April 8, 2009
Despite all his militant activities, he remained interested in poetry, and though he only managed to write nine poems while at Cambridge, he did write some polemical essays in which he encouraged the rise of “a revolutionary literature.” For him, the bourgeois ideal of the artist as an impartial observer was to be replaced by the revolutionary artist whose primary purpose was to support “the dynamic and vital forces of society against the reactionary inertial forces.” T.R. Healy on John Cornford.
March 20, 2009
The power of Faster Pussycat stemmed from the fact that Tura Satana was not wearing a studio-designed costume, but exactly what a real girl gangbanger would have put on to go out for a rumble. No self-respecting female from any era could have contemplated kicking ass while looking like a banana. Cathi Unsworth on Faster, Pussycat! Kill! Kill!
December 9, 2008
The well of transgressive literature is deep and, like the human psyche it reflects, bad things lurk there. Fiction that dares to broach the subjects others flinch at (whether to locate a greater truth, as an act of attention-seeking or just for the hell of it) has a rich if often concealed history. We live in an age where supposed sin is omnipotent, our senses have numbed to it and everything, no matter how debauched, is for sale. The fact is our liberal assumptions are not as solid as we would like to think and every now and then a work can come along that slips under our guarded sense of irony and seen-it-all-before complacency, books that question the consensus and test how genuine our devotion to free speech really is. Darran Anderson on the rise & fall of the literary nasty.
December 8, 2008
As Algren’s second novel, Never Come Morning is a seminal work, an incubator of sorts in which the writer introduces and tries out many of the themes and elements which he would hone to perfection in his next novel, the classic The Man With the Golden Arm: the struggling Polish lower class of Chicago’s Northwest Side, long, near-comic scenes set in police lineups and jail cells, a doomed protagonist blindly pursuing an unattainable dream, and characters who are overwhelmed by circumstance and fate. Peter Anderson on Nelson Algren.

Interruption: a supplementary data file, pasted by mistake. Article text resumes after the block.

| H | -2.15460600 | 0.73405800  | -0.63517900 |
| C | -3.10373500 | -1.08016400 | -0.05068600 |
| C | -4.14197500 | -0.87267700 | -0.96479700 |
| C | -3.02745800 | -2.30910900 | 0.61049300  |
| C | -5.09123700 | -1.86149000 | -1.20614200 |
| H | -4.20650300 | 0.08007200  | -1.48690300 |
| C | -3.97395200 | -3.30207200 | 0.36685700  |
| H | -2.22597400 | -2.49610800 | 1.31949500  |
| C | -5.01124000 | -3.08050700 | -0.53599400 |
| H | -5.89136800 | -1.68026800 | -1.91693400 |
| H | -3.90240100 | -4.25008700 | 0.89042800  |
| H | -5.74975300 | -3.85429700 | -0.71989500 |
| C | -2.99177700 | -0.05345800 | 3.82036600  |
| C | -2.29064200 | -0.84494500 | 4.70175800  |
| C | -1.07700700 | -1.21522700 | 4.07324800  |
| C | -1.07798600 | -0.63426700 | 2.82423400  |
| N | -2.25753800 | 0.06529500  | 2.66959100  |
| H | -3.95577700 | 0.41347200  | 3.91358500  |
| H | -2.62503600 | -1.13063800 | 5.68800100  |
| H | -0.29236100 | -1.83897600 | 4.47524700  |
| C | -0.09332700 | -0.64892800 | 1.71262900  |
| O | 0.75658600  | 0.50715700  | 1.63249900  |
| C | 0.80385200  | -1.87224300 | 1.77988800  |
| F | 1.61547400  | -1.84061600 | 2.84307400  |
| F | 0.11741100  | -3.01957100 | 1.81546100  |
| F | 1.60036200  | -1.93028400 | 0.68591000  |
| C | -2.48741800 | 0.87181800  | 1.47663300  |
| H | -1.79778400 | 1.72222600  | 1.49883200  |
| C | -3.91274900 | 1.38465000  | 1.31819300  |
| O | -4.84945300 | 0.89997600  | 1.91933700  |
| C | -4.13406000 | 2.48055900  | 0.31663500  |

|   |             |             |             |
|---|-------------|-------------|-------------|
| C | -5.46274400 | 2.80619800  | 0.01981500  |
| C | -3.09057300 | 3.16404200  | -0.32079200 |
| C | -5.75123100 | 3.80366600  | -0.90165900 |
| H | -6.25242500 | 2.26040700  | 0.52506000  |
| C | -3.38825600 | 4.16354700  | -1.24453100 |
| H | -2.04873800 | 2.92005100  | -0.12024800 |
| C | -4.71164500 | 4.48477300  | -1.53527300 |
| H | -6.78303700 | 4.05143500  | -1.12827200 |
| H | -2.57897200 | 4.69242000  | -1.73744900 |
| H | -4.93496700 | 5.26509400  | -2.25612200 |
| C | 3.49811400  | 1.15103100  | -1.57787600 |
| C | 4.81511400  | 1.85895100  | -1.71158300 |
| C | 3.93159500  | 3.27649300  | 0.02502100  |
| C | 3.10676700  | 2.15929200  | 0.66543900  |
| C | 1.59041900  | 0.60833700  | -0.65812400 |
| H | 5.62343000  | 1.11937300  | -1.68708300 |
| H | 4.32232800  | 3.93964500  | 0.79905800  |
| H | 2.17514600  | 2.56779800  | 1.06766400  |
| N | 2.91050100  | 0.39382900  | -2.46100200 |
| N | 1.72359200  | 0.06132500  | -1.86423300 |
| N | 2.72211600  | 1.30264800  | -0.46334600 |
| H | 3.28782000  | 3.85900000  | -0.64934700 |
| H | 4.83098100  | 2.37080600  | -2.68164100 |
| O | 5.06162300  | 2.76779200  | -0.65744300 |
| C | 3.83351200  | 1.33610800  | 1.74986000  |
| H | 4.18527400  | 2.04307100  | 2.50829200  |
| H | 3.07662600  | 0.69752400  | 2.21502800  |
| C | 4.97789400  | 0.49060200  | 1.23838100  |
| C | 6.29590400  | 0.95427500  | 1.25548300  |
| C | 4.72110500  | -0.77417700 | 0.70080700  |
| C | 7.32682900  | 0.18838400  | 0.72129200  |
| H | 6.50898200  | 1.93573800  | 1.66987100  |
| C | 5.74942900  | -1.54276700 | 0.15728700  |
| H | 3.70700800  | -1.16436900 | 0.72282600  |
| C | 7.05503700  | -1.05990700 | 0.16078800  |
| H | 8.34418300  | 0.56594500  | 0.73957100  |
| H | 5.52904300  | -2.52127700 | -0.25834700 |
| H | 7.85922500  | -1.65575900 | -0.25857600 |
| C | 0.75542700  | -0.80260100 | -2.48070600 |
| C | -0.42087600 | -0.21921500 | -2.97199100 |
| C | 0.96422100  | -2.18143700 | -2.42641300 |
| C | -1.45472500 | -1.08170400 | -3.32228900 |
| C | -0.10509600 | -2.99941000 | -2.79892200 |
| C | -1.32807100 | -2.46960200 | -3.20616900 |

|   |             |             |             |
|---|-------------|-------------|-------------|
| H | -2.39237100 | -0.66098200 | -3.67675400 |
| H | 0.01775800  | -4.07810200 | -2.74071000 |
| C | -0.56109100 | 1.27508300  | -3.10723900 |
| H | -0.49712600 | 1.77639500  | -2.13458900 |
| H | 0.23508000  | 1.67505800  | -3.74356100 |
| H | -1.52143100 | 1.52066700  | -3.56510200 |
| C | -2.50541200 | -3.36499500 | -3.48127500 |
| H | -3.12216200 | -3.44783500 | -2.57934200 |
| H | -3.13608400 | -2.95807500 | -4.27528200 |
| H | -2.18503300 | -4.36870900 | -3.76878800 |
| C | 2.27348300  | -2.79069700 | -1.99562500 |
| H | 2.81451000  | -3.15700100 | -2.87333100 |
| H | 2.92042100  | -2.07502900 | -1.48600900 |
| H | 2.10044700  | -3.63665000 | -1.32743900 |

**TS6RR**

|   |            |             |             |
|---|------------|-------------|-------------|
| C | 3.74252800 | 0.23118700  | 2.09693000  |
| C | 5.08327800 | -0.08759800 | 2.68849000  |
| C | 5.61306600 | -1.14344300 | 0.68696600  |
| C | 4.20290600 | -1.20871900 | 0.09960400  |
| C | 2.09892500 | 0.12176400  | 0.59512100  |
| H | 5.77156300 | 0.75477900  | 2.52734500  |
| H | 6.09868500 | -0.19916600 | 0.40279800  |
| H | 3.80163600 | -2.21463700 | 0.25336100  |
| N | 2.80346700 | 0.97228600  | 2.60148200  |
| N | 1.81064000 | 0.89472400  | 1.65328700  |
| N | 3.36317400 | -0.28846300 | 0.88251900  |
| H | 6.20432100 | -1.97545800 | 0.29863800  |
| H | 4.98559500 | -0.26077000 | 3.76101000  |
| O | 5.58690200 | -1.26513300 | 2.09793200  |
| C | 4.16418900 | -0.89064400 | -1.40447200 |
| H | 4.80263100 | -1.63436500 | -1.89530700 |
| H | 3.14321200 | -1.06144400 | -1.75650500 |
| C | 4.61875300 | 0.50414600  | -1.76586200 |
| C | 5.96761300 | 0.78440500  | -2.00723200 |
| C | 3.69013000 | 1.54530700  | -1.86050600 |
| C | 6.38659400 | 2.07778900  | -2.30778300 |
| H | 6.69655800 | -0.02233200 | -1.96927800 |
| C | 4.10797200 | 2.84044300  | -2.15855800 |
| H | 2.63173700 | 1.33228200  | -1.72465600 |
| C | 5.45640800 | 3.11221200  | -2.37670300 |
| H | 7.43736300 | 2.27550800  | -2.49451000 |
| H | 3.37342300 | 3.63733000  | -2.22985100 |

December 2, 2008
Though his left-leaning beliefs were evident to even the most cursory readers of his fiction and journalism, Algren was no dyed-in-the-wool Bolshevik. His sympathies were instilled at an early age through experience. He grew up in a notoriously rough part of southside Chicago and came of age during the Great Depression. A heavy drinker, he struggled through a series of dead-end jobs and abject poverty. He wrote his first story in an abandoned petrol station in Texas where he was crashing and was jailed for four months for stealing a typewriter from a classroom. Writing wasn’t a career or even a calling, it was a life raft. Darran Anderson on Nelson Algren.
June 15, 2008
Easily one of the most violent books in mainstream literature, the most shocking aspect of the tale is its adherence to historical truth. It’s mind-blowing to consider that these things really happened, that there was an actual Glanton gang who terrorised northern Mexico and the south-west borderlands of the US, ruthlessly cutting swathes through the population. As it happened McCarthy took the framework for the book straight from the horse’s mouth, borrowing directly from gang member Samuel Chamberlain’s memoir My Confession: Recollections of a Rogue. In what can only be described as a prolonged bloodbath, McCarthy’s use of violence is visceral but authentic. Eye gouging, throat slicing, burning alive, it’s a reconstruction of a time when men kept the shrivelled hearts of the hanged as mementos, when churches lay in ruins, disabled people could be kept in cages and paraded for show and salvation was a form of cruel mockery. Darran Anderson revisits Cormac McCarthy's Blood Meridian.
April 10, 2008
“I prefer to write for people untouched by poetry…I would like them to read poems in such a matter-of-fact manner as if they’re reading the newspaper or at a football match,” he once wrote, outlining his own personal creed. His was a simple but surprisingly rare quality in an artform whose practitioners are too often seen, and see themselves, as gatekeepers of some obscure bastion of knowledge. Sure he dealt in fairly esoteric subjects with a great deal of symbolism but he did so in the most free, reachable way possible. Holub was one who opened the backdoors and ushered the world in, one of the ones who might just have saved poetry from the poets. Darran Anderson in praise of Miroslav Holub.